capital, infrastructure, and institutions) (4). Hence, poor countries 
specialize in goods intensive in unskilled labor and land, whereas 
richer countries specialize in goods requiring infrastructure, 
institutions, and human and physical capital. The second approach 
emphasizes technological differences (5) and has to be complemented with 
a theory of what underlies them. The varieties and quality ladders 
models (6, 7) assume that there is always a slightly more advanced 
product, or just a different one, that countries can move to, 
disregarding product similarities when thinking about structural 
transformation and growth.

Think of a product as a tree and the set of all products as a forest. A 
country is composed of a collection of firms, i.e., of monkeys that live 
on different trees and exploit those products. The process of growth 
implies moving from a poorer part of the forest, where trees have little 
fruit, to better parts of the forest. This implies that monkeys would 
have to jump distances, that is, redeploy (human, physical, and 
institutional) capital toward goods that are different from those 
currently under production. Traditional growth theory assumes there is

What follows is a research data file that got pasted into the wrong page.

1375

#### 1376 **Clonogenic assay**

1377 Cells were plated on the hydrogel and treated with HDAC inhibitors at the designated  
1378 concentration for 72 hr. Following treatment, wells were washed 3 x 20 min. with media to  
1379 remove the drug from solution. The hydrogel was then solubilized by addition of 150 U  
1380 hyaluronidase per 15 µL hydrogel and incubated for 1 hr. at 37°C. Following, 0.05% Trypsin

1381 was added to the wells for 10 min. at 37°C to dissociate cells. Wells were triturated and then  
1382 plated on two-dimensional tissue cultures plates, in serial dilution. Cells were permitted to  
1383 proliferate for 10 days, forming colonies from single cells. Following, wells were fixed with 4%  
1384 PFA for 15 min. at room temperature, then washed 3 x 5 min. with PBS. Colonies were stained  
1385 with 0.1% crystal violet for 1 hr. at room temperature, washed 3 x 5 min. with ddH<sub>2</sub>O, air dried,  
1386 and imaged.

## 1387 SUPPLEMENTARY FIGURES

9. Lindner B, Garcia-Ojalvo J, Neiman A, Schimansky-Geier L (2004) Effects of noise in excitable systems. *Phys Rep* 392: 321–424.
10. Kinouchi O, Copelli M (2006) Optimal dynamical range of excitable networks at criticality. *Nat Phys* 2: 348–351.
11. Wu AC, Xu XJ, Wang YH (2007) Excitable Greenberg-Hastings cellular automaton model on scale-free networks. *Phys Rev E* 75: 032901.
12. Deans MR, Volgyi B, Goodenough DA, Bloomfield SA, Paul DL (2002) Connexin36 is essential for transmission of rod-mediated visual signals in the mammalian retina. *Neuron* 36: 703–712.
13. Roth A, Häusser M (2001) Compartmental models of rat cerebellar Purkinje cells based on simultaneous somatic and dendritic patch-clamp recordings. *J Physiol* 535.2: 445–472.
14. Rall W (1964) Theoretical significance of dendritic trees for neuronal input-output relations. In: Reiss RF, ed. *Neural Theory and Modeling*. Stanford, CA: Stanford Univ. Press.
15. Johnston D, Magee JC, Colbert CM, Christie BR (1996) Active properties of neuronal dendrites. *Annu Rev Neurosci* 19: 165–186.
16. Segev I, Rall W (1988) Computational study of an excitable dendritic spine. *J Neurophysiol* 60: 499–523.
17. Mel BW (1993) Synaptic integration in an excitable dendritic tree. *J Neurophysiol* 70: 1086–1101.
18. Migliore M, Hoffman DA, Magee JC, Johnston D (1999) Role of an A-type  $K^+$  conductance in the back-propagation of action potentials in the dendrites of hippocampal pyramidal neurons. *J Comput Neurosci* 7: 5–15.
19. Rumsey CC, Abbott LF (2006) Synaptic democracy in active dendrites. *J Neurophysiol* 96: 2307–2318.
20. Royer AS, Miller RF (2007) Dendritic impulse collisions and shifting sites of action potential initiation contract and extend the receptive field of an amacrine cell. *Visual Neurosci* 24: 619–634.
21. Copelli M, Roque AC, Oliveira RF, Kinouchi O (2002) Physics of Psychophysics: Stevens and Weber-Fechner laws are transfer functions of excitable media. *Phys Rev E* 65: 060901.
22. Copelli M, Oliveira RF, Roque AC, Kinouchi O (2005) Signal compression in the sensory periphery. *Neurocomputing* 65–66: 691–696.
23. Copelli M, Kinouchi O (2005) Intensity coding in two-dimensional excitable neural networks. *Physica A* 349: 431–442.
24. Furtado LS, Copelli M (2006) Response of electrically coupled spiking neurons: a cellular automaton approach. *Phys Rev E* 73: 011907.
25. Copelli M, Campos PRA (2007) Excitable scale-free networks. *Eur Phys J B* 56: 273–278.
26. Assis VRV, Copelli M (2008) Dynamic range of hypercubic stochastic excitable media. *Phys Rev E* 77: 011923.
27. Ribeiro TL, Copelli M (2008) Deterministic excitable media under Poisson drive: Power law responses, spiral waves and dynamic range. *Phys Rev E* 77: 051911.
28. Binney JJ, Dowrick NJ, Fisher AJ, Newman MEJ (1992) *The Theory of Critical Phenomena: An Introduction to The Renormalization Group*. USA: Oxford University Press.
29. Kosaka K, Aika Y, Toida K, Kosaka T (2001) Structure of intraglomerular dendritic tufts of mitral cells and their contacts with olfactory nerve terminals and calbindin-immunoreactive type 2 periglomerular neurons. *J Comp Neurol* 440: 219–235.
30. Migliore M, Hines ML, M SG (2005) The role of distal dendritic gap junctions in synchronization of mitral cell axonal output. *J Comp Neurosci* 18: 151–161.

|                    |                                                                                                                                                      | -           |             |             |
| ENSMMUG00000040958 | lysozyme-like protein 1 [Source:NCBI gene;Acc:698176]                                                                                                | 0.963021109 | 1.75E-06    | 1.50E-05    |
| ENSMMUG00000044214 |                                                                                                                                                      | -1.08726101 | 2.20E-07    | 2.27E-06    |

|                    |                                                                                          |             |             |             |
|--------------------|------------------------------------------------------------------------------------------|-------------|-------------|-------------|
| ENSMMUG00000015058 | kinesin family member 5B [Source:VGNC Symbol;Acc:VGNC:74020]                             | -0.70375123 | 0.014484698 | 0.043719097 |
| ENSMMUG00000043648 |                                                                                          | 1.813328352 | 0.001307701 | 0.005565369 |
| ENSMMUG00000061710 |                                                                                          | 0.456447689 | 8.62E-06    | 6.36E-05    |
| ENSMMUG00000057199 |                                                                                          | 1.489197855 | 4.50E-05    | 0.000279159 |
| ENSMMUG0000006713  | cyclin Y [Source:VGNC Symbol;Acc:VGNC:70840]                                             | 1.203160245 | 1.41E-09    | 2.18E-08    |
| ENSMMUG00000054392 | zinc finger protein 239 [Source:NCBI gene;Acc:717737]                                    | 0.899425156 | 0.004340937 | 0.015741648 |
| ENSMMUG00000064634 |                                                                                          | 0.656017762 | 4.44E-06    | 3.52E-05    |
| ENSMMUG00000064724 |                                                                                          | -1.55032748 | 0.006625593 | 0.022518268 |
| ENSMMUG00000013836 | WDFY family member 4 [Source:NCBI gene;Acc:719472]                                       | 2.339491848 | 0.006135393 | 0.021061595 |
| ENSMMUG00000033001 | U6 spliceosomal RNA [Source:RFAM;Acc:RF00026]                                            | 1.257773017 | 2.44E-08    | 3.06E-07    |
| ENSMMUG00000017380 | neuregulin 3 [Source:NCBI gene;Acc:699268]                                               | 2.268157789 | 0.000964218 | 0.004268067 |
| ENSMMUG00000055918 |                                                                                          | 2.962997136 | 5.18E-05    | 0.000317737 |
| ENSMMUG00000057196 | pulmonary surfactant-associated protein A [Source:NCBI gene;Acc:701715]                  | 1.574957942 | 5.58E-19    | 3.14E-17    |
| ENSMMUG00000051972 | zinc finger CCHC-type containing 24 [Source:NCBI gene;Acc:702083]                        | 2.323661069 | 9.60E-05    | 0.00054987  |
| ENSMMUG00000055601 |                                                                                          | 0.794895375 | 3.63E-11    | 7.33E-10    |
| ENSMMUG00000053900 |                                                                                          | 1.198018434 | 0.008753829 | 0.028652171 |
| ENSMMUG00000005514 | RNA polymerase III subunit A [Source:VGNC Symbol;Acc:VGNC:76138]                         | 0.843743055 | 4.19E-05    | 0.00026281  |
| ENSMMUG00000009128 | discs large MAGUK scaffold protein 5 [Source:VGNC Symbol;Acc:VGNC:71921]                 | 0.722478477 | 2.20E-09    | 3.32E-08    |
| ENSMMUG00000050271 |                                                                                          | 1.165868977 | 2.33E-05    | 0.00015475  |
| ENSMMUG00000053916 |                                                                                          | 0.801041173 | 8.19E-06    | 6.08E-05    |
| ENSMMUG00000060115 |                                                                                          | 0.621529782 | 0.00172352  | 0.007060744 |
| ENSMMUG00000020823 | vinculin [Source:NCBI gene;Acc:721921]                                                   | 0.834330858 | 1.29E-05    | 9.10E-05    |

always a tree within reach; hence, the structure of this forest is 
unimportant. However, if this forest is heterogeneous, with some dense 
areas and other more-deserted ones, and if monkeys can jump only limited 
distances, then monkeys may be unable to move through the forest. If 
this is the case, the structure of this space and a country's 
orientation within it become of great importance to the development of 
countries.

[snip to end]

The bimodal distribution of international income levels and a lack of 
convergence of the poor toward the rich has been explained by using 
geographic (24) and institutional (12, 13) arguments. Here, we 
introduced another factor to this discussion: the difficulties involved 
in moving through the product space. The detailed structure of the 
product space is shown here and, together with the location of the 
countries and the characteristics of the diffusion process undergone by 
them, strongly suggests that not all countries face the same 
opportunities when it comes to development. Poorer countries tend to be 
located in the periphery, where moving toward new products is harder to 
achieve. More interestingly, among countries with a similar level of 
development and seemingly similar levels of production and export 
sophistication, there is significant variation in the option set implied 
by their current productive structure, with some on a path to continued 
structural transformation and growth and others stuck in a dead end.

These findings have important consequences for economic policy, because 
the incentives to promote structural transformation in the presence of 
proximate opportunities are quite different from those required when a 
country hits a dead end. It is quite difficult for production to shift 
to products far away in the space, and therefore policies to promote 
large jumps are more challenging. Yet it is precisely these long jumps 
that generate subsequent structural transformation, convergence, and growth.